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Michael Shore, MD

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About Michael Shore, MD

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  1. The usual rules would apply, in that the patient has to be off of all full agonists for a sufficient period of time to have withdrawal symptoms. This varies among patients, and certainly in an elderly patient, presumably with slower metabolism the wait time may be longer. I would most certainly initiate at low dose and go slowly. My question is what the clinical circumstances are that suggest that there is a problem with the fairly modest dose of morphine ER (40 mg daily). Is the patient being solely treated for pain? Is there an actual opiate use disorder? Is the patient offering the desire to get off of the morphine? If the latter is the case it may be more practical (and avoid withdrawal induction issues) to slowly taper the morphine itself. Dr. Shore
  2. I agree with Dr. Saxon, but I would add the following: A thorough sleep evaluation would be important, to see whether sleep apnea, restless legs or another sleep disorder diagnosis may be contributing to the complaints of excessive fatigue. I would also inquire about caffeine use and of course use/abuse of sedative hypnotics. Michael W Shore, M.D.
  3. I agree with Dr. Salsitz's comments. I do not use traditional opiates nor treat pain disorders, unless it is a patient with significant comorbid substance use disorders or psychiatric illness. However, as an active prescriber of Buprenorphine (MAT) these situations of requests for early refills do arise. There may be many reasons, some more legitimate than others. I have had friends/family members "steal" some medication, and certainly had patients take extra for other reasons (eg. stress). But blanket rules do not serve our mission to help our patients under various scenarios. It is essential to do a thorough re-evaluation to determine what the issue(s) are, and then adjust the treatment plan. It may be necessary for patients to be seen more frequently and/or lesser amounts prescribed. It may also be appropriate as indicated to have a consultation with an addiction specialist to help formulate a response and consideration of alternatives. I hope this is helpful. Michael W Shore, M.D.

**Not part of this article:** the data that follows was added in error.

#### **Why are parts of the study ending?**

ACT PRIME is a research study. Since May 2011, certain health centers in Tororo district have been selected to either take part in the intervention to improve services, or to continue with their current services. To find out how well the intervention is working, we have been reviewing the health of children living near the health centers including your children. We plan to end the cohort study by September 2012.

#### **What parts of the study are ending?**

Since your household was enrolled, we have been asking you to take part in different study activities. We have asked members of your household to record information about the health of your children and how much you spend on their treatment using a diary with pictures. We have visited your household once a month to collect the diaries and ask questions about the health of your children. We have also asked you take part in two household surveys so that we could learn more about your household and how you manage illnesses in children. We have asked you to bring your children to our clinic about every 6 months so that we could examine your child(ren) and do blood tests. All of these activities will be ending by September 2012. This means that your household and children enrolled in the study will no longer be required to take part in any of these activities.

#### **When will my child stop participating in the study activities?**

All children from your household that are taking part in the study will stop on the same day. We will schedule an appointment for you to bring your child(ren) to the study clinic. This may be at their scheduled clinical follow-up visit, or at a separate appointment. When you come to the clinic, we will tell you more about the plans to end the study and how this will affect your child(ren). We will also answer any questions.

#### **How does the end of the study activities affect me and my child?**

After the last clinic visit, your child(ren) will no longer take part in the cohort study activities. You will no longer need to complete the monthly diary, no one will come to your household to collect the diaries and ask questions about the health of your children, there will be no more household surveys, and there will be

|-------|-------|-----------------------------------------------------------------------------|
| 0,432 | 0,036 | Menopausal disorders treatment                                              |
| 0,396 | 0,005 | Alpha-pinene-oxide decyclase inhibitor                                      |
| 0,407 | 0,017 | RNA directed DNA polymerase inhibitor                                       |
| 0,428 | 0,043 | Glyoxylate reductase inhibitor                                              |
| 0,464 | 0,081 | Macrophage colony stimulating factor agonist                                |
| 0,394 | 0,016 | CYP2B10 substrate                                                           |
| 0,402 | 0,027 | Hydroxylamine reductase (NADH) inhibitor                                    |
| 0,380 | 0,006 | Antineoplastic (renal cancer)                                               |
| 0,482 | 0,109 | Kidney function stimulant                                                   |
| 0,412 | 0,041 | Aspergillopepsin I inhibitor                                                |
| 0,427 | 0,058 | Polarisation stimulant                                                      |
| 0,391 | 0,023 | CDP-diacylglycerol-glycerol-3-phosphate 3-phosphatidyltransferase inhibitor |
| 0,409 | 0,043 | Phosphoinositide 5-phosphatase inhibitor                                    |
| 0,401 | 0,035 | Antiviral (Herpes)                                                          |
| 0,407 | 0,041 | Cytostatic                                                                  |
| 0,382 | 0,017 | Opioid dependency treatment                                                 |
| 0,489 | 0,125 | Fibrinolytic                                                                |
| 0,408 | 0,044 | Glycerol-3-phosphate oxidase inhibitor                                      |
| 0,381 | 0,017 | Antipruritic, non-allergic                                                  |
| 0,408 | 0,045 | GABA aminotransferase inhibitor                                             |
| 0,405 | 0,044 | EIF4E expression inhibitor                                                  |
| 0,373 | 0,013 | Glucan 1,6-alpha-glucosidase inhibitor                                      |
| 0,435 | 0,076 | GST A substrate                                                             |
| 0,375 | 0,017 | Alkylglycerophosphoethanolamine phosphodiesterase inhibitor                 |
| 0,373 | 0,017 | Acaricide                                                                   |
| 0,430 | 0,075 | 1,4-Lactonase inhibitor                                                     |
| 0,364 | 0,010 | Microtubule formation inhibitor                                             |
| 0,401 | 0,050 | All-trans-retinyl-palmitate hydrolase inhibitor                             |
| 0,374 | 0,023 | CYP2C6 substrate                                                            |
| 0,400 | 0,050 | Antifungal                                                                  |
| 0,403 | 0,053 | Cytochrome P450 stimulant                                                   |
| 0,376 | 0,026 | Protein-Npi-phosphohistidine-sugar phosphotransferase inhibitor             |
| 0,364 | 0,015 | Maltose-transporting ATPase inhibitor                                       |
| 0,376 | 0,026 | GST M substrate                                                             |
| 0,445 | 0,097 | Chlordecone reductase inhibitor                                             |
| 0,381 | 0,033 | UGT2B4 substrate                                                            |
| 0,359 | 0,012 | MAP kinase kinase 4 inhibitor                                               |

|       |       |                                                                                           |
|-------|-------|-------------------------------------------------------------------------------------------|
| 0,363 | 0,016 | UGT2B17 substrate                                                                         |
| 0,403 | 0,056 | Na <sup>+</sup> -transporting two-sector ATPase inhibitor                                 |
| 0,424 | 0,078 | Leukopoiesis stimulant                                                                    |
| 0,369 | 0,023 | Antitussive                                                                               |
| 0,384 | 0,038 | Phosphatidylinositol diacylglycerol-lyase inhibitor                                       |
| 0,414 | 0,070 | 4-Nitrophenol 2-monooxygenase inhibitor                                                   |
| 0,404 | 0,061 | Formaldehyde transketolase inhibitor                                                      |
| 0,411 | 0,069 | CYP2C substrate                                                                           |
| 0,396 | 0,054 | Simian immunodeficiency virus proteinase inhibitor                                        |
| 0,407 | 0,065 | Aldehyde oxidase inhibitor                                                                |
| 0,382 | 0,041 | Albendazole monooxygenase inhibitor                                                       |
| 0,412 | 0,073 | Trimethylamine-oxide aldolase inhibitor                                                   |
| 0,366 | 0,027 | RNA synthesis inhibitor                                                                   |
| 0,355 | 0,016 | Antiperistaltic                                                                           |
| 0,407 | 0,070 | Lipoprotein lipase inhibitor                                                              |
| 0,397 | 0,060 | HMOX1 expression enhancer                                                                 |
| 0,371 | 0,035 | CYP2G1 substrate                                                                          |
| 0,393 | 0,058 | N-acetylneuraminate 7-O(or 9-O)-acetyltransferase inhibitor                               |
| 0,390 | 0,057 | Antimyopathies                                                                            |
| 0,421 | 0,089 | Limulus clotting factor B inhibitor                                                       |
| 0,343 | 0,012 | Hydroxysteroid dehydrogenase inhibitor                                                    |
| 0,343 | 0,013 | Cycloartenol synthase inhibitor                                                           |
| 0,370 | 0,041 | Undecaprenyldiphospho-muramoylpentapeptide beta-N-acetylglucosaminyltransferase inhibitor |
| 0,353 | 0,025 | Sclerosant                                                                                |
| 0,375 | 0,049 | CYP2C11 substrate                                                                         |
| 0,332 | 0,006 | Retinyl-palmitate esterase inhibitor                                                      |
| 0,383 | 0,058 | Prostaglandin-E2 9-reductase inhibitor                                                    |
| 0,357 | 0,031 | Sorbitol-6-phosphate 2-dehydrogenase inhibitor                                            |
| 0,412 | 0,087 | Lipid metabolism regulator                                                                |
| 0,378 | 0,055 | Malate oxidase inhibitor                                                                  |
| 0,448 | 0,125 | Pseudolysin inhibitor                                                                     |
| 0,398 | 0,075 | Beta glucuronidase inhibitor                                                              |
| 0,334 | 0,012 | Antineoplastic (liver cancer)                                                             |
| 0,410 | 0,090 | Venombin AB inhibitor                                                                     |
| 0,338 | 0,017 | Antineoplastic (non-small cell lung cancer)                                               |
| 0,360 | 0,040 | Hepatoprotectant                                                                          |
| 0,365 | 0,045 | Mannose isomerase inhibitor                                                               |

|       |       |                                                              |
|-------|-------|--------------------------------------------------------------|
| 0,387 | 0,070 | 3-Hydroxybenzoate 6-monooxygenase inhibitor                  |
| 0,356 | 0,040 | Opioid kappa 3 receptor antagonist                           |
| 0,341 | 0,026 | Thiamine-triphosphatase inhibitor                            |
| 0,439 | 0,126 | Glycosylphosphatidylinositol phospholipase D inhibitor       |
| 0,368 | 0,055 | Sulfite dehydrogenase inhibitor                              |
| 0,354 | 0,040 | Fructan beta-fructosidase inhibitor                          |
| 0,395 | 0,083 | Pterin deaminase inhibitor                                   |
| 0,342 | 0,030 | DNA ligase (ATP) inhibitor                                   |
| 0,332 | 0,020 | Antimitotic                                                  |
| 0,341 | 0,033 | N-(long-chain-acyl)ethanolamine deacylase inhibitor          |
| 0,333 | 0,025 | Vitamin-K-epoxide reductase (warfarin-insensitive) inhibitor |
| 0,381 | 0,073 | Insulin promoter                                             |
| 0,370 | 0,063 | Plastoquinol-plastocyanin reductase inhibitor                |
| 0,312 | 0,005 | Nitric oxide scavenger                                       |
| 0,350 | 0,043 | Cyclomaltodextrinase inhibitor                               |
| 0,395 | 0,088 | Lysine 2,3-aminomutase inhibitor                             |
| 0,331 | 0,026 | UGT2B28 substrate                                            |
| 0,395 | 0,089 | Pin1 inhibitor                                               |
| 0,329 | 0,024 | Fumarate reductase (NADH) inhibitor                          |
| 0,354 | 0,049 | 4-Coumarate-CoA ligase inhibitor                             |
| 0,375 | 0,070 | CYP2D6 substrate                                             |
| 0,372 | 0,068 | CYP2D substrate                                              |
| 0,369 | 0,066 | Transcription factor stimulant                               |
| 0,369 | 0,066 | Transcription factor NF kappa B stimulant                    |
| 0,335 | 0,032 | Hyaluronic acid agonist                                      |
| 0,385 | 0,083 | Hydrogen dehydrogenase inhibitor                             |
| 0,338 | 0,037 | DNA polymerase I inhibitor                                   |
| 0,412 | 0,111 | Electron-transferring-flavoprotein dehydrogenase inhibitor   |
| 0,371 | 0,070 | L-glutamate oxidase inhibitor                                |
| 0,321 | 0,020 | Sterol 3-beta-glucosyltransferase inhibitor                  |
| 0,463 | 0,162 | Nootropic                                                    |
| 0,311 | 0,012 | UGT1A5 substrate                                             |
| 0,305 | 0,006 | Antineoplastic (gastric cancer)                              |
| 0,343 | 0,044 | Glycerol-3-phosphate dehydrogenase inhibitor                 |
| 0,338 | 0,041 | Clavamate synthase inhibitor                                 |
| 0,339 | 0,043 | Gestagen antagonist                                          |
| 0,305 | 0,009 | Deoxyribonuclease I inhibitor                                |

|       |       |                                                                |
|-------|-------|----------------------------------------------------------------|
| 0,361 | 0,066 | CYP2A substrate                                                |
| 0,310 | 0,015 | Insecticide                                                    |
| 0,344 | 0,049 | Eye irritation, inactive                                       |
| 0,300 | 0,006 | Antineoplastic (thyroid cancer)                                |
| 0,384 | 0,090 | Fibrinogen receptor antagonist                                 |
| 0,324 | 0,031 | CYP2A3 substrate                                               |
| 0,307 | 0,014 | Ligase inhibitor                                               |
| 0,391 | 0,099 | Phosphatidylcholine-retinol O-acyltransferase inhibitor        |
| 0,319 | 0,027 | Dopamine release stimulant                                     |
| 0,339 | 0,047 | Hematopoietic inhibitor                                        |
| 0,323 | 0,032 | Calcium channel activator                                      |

4. Depending on the Buprenorphine maintenance dose, for mild to moderate pain an increase, temporarily of the Buprenorphine dose can be effective for the pain. If the patient is already on a higher dose of Bup, and/or the pain issue is severe (eg. surgery being done, kidney stones, etc.) they will need traditional opiates for pain relief. Higher doses than usually used may be initially needed due to the Buprenorphine blockade, and close medical monitoring is essential. Close coordination with the hospitalist is essential. If regional nerve blockade can be done it may be preferable. Hydromorphone or fentanyl products may better be able to "replace" the Buprenorphine blockade. Michael W Shore, M.D.
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